I served it with one of my Vegan Eats World favorites. This Greek Village Salad with Cashew Faux Feta (Horiatiki Salad) is one that I make fairly regularly, particularly in the summer. It’s a tomato and cucumber salad that is topped with raw cashews that have marinated in lemon juice, vinegar, olive brine, minced garlic, and spices. I often make the cashew feta on its own for topping salads. Along with its marinating brine, it makes for a delicious alternative to standard dressing. While it’s not similar in texture to animal-based feta, it has a bite and tang that makes me want to grab a spoon and eat it all on its own. (And yes, I have been known to sneak bites straight out of the refrigerator.)
To finish off the salad, I made the gyro-roasted seitan. It is another beloved recipe in the book. In addition to being terrific on salad, it’s wonderful in a pita or tortilla wrap with cucumbers and tomatoes or served with roasted lemony potatoes.
As a big fan of all things tangy and garlicky, I fell for hard for this seitan that was roasted with lemon juice, white wine, six cloves of garlic, and spices. It filled the house with so many mouthwatering aromas and made it smell amazing. (I used the white seitan from Viva Vegan for this dish. Not only was it the first seitan I ever made from scratch, it’s also a totally foolproof recipe. I’ve made it many, many times over the years, and it always comes out like a dream.)
I had a bit of user error as the recipe involves toasting chickpea flour, removing it from a skillet, then using the same skillet to sauté shallots and chilies with niter kibbeh (infused oil), and finally emptying the skillet again to make a polenta-like mixture with chickpea flour, water, and lemon juice. Our stovetop runs very hot, and after all of that use, the skillet was so warm that the water cooked down immediately and the flour made a very thick roux. I added more water to the skillet, but was left more or less with cooked chickpea dough balls. The flavor was still fine, but I don’t feel like I got an authentic experience of what this recipe is like. I plan on trying it again in the future and switching out skillets when it comes time to make the chickpea flour mixture, so that there is time for the flour to be fully absorbed.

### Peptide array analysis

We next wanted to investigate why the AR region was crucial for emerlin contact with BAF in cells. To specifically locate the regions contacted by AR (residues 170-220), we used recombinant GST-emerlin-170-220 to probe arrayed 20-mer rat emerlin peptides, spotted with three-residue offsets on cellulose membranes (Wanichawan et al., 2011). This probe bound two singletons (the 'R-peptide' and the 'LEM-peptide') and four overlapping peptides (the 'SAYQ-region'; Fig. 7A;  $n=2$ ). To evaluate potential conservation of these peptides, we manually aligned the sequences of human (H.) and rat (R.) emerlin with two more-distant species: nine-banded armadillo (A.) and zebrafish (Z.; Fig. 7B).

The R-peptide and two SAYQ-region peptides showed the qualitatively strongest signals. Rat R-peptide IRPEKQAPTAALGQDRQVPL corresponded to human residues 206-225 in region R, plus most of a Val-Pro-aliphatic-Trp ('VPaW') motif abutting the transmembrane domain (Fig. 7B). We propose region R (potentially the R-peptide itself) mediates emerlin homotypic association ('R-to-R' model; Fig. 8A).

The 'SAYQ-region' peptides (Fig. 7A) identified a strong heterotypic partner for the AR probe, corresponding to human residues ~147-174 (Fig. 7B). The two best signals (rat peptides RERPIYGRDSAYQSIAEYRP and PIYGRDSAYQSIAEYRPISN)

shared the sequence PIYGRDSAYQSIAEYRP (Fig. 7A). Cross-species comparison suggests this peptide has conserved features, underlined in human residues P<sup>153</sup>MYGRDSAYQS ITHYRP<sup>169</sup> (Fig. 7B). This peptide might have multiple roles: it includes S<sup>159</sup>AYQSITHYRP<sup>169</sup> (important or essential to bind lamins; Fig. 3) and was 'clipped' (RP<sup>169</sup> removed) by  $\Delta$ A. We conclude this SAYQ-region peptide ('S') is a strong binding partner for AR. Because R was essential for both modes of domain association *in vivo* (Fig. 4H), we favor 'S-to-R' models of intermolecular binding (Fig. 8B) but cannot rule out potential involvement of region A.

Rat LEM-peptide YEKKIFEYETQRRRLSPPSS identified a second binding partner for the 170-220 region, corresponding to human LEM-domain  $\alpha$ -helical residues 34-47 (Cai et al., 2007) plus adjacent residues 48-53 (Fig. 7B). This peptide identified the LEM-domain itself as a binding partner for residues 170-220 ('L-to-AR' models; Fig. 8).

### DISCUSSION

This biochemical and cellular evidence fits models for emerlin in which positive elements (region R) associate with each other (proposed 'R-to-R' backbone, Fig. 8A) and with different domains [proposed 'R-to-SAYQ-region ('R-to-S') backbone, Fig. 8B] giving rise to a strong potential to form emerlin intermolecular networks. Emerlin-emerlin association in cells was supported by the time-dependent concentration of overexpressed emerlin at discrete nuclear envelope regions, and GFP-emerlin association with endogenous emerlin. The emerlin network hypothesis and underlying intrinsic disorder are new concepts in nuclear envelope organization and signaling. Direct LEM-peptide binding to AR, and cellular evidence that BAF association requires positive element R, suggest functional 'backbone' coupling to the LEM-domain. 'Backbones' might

Some of my other favorite recipes in Vegan Eats World include:
The Savory Baked Tofu is my one of my top choices for Asian stir-fries. Pineapple Fried Rice with a Thai Kick is a fabulous restaurant-quality recipe that is also terrific with rice noodles instead of rice. (Just toss the noodles with a smidge of sesame oil after draining to avoid clumping.) The seitan tibs simmered in berbere and wine (seitan tibs w’et) is full of richness and umami and unlike anything I’ve ever experienced at an Ethiopian restaurant. The Artichoke Skillet Paella with Chorizo Tempeh Crumbles was also a big hit at our house.
These items are still high on my to-make list:
Preserved lemons, potato pierogies with fried onions, yogurt naan griddle bread, steamed barbecue seitan buns (char siu seitan bao), scrambled tofu breakfast bahn mi, French socca, and crispy plantains with chocolate mole dip.
One final note, several people have mentioned having difficulty finding recipes in the index. A person on the Post Punk Kitchen forum made an expanded version of the index that is good for referring to or even for printing out and keeping in the book for easier searching. (You’ll have to scroll down just a bit to see where to download.)
Would you like to get a copy of Vegan Eats World for yourself? Now is your chance! Da Capo Press is offering one copy for readers in the U.S. Good luck!
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Disclaimer: I received a copy of Vegan Eats World for review, but the opinions are completely my own. This post includes Amazon affiliate links.
Congrats to Kelly G. for winning the Everyday Vegan Eats Giveaway!